A key disadvantage is that you not only pay the start-up costs for the franchise, but you also typically have to pay ongoing costs as well. Those include things like having to pay royalties as a percentage of your revenue and being forced to use captive suppliers for your materials and supplies. You may also be limited either by the franchise agreement or by customer expectations based on what other branches of the franchise charge in terms of what you can charge for your services.
On top of that, as a franchisee, you are locked in to the operating model of the franchisor. If you have better ideas on how to run things, you may be limited in your ability to adjust how you do business. Still, many people find that the advantages of franchising outweigh the disadvantages and are willing to combine their money and their elbow grease in pursuit of building their wealth.
4. Start your own company
$100,000 is a reasonable amount of seed capital to use to start up your own small business. If you have a decent idea and a clear addressable market, you might want to use that money as an incubator to launch your idea into an operating company. Big advantages of launching your own company over buying a franchise are that you don't owe royalties to the parent company and that you have more control over how you operate.
Of course, there are disadvantages, too. Key among them are that you won't have the proven business model or the support that come from the franchisor. That means you'll face a different set of risks and may find yourself in a position where success could be harder to come by.
Still, if it does work out for you, owning your own business can be a great way to either directly generate that $1 million retirement savings or to build enough value in the business to later sell for $1 million. And who knows, you might find out -- like Warren Buffett -- that even once you reach a place of financial comfort, that you like working well enough to keep at it even though you don't need the money.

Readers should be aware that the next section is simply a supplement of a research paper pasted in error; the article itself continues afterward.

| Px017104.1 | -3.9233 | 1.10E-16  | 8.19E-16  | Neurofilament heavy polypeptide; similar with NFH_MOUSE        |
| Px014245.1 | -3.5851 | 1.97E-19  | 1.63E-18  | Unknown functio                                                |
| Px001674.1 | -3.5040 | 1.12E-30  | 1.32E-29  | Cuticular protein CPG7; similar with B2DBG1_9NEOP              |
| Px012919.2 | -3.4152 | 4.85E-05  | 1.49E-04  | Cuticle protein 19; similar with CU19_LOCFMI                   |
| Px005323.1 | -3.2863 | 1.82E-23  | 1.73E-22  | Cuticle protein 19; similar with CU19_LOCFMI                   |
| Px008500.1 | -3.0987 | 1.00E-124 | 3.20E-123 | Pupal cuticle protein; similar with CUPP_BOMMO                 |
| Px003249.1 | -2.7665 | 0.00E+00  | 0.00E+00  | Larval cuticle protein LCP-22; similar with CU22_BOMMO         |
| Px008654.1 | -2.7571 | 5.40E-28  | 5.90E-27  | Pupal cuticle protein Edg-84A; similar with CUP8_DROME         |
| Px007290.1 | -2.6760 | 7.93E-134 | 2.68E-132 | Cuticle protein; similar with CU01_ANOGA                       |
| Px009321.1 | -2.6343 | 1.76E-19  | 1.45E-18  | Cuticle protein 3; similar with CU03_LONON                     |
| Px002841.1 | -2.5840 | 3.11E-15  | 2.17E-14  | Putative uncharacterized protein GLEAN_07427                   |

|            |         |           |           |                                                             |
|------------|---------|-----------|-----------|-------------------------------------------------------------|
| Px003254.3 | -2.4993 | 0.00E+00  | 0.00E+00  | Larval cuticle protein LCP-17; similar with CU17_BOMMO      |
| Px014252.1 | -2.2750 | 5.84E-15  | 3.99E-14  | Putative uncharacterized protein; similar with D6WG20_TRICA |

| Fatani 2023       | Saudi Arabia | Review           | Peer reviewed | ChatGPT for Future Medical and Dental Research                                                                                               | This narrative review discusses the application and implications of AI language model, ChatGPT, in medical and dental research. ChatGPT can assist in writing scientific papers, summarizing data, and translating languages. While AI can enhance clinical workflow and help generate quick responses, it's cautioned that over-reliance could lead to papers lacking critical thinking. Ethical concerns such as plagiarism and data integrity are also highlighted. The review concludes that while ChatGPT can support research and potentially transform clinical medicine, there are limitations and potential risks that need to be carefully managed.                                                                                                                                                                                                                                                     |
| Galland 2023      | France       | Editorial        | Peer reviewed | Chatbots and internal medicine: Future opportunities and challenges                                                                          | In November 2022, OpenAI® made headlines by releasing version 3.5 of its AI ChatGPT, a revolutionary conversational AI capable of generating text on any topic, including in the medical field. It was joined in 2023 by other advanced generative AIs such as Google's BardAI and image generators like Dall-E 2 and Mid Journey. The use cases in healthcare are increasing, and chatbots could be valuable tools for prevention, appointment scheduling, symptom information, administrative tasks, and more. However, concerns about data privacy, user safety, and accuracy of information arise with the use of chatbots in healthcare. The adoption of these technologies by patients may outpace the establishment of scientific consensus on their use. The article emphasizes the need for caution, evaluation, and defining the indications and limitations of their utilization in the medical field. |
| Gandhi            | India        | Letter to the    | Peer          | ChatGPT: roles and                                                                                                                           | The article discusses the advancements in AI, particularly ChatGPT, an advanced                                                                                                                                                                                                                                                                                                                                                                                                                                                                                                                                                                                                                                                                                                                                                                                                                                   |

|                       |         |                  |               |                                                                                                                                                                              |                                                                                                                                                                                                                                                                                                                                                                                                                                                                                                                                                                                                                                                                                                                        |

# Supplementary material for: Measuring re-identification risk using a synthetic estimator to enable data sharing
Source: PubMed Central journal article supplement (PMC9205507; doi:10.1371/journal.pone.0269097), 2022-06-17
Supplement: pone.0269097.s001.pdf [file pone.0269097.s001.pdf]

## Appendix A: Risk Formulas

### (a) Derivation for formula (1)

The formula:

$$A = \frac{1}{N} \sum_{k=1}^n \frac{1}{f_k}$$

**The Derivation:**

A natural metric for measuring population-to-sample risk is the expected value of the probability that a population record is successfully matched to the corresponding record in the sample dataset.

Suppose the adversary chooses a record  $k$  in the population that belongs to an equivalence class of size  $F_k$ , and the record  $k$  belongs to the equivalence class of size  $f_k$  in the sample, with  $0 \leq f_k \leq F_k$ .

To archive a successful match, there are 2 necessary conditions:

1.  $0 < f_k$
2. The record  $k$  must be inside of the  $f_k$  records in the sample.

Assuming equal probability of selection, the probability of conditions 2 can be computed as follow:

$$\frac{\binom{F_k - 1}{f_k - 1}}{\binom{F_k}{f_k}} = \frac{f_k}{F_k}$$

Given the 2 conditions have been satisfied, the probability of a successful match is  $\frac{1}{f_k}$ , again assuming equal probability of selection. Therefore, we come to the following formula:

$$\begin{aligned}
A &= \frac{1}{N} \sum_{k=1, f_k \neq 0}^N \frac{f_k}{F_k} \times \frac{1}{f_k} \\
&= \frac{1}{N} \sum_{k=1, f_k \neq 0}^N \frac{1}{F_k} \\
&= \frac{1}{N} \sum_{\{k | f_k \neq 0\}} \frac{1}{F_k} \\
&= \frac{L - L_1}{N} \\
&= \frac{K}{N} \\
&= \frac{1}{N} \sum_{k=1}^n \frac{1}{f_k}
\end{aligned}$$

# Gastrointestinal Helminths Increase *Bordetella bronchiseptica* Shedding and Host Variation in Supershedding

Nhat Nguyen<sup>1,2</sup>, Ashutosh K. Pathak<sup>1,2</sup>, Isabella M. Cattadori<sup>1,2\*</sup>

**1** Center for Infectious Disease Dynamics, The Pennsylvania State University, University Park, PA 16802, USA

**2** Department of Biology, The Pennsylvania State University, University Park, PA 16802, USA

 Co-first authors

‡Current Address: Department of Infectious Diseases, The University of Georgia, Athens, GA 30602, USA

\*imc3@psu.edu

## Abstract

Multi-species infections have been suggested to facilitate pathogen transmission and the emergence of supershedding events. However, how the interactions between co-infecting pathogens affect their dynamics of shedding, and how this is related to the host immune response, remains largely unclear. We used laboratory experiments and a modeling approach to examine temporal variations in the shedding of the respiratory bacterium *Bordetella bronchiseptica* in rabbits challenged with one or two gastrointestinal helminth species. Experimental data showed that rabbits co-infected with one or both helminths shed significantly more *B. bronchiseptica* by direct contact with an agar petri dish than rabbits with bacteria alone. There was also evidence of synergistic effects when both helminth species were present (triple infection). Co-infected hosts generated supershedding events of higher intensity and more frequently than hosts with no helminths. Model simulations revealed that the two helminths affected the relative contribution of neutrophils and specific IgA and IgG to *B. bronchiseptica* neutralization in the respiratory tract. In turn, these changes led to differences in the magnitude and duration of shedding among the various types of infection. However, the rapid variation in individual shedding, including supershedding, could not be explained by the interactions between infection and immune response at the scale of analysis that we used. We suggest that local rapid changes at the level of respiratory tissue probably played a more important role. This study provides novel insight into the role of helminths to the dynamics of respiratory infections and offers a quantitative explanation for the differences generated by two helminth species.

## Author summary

5. Add to your $100,000 over time by investing
If you like the low-effort approach of investing in stocks but aren't a fan of the time it will take to grow $100,000 into $1 million, you can always start by investing what you have and adding to it over time. The following table shows how many years it will take for your nest egg to turn into $1 million based on how much you add to it over time and what rate of return you earn.
10% Annual Returns
8% Annual Returns
6% Annual Returns
4% Annual Returns
The act of regularly adding to what you already have can be a great way to speed up the time it takes to grow your initial $100,000 nest egg into $1 million. As for that $2,125 monthly investment? Well, that works out to the maximum a person under 50 can contribute to both a 401(k) and an IRA in 2021. $19,500 in a 401(k) and $6,000 in an IRA work out to $25,500 per year, or $2,125 per month.
The key disadvantages are that you'll have to keep making those regular investments over time to speed up your timeline and, of course, the fact that market returns are never guaranteed.
Make a plan and get on your path to your goal
Turning $100,000 into $1 million is a very reasonable goal that may very well be within your reach. No matter which of these five paths you take -- or if you blaze a new trail on your own -- the biggest asset you have is actually your time. So get serious about making you plan right now, and give yourself that much chance of reaching that $1 million of retirement savings.